The 82-year-old lord was upset about not being called to ask a question, and after complaining sent an email that night to the APPG’s chair James Gray. It had the subject heading “Discrimination by Homos” and included other remarks about Mr Pollard “which centred on his sexual orientation and were homophobic”, according to the committee’s findings.
Lord Maginnis claimed the MP had “threatened me with his ‘boyfriend’”, then referenced the fact he has previously been nominated by Stonewall as ‘bigot of the year’, before adding: “But, joking apart, I’m not prepared to be victimised by 'queers' - not least by those like Pollard and that ‘lady’ Hannah Bardell, the Scots Nat, who recently sought to embarrass me.”
Shadow environment secretary Mr Pollard said the emails made him feel like a “victim of abuse”, but in his interview with the standards commissioner the peer said he still considered the MP’s reference to his boyfriend as “aggressive” and he was being victimising him [Lord Maginnis] because of his views on what he described as his “behavioural inclinations”.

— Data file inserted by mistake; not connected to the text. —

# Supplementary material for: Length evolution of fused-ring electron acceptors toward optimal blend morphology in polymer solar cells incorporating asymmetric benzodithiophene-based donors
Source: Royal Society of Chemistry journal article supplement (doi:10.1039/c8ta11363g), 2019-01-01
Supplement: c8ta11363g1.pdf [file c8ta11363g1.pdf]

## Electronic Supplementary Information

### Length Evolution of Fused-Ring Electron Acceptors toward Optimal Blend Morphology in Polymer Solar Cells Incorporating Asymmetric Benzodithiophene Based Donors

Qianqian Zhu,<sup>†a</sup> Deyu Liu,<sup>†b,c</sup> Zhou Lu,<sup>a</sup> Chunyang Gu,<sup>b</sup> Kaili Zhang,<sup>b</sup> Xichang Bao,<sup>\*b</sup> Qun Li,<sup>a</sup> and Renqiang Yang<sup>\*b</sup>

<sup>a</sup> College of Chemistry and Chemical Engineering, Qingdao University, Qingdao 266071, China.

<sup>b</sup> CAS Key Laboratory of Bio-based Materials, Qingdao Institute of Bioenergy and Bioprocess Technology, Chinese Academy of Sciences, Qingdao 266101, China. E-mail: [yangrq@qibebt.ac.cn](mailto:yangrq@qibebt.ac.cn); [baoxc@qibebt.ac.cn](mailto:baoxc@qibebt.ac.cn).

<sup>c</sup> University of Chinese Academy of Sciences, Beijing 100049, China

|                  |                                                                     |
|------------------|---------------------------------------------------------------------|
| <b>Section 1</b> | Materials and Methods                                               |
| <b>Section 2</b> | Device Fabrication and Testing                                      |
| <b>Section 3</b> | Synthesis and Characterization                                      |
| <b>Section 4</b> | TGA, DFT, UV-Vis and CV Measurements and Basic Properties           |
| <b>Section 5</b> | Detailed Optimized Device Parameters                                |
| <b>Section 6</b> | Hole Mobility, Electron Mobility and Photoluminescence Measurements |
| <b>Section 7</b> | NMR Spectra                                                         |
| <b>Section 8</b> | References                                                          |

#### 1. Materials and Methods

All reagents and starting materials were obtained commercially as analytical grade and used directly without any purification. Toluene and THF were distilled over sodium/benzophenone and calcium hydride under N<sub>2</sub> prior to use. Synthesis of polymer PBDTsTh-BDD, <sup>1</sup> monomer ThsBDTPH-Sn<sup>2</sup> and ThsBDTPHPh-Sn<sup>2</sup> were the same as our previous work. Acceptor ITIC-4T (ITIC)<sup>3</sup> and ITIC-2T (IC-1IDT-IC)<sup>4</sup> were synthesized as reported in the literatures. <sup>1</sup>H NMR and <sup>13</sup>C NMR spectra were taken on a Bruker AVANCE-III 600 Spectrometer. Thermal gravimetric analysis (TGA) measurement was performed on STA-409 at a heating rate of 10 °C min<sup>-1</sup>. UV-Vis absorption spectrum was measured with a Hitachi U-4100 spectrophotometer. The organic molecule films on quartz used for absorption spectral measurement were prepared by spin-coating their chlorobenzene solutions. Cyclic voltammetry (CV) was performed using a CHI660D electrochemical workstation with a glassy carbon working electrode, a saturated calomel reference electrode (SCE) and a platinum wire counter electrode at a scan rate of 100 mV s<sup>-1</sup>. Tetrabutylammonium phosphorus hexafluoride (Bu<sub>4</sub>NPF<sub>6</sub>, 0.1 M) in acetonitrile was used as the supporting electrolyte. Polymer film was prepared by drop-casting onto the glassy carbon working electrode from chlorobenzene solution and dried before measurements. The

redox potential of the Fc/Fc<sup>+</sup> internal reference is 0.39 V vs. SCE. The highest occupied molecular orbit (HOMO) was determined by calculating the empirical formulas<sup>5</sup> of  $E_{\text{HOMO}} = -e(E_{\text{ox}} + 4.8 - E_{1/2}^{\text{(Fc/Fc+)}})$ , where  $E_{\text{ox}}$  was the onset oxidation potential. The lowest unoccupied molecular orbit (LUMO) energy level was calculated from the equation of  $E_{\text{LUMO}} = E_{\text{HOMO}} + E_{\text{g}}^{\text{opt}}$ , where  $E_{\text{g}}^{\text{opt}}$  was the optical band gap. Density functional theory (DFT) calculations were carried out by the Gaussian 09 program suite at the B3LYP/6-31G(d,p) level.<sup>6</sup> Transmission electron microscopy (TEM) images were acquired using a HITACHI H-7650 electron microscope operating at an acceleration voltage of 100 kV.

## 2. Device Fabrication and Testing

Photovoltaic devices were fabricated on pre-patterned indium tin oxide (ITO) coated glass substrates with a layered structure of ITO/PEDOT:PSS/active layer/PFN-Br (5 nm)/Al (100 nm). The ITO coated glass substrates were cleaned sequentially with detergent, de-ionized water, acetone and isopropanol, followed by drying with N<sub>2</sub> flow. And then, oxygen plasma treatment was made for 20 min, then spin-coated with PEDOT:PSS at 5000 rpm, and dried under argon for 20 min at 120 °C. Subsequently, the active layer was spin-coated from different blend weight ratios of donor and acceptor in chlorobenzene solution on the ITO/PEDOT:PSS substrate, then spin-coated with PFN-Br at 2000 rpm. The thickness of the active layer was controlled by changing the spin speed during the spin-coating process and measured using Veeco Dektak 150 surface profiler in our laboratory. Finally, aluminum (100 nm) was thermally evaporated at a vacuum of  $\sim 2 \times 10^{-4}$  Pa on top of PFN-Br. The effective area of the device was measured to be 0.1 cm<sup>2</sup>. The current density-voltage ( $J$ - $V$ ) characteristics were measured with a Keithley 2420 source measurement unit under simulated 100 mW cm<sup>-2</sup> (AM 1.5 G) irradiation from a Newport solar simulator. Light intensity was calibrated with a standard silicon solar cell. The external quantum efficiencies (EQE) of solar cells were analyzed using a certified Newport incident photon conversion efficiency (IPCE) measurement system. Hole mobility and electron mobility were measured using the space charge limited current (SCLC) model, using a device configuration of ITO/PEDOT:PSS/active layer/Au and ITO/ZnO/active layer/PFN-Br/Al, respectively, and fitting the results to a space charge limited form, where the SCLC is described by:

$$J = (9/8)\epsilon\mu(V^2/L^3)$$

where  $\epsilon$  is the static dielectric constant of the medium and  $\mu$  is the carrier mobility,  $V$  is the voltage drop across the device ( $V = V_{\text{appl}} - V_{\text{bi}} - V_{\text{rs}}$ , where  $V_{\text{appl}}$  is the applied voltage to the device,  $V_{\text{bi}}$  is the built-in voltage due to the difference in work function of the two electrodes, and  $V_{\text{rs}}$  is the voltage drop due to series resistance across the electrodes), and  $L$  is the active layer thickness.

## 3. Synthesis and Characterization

That row led to the fourth complaint, after he tried to attend another meeting of the group in March, but was told he was not welcome by Mr Gray.
Labour MP Toby Perkins, who is also a member of the APPG, said he heard Lord Maginnis say: “I am not going to be bullied by queers.”
He later approached the peer to understand what was happening, but said the way he then described the circumstances to him was “unapologetically homophobic, aggressive and disrespectful”.
Mr Perkins added that Lord Maginnis told him “he was being ‘bullied because he was against gay marriage’ and that he ‘wouldn’t be barred by a deviant’ which he made clear was his description of Luke Pollard, a gay MP with whom he had engaged in a run in at a previous dinner”.
In her conclusion Ms Scott-Moncrief said: “Lord Maginnis did not acknowledge that his behaviour was unacceptable in relation to any of the complaints.
“At times during the investigations he was dismissive of the incidents and the impact they had on the complainants, and continued to use disrespectful language in relation to Ms Bardell and Mr Pollard and was also disrespectful of Mr Bombolo by insisting he had not made an autonomous complaint but had acted under the direction of Ms Bardell.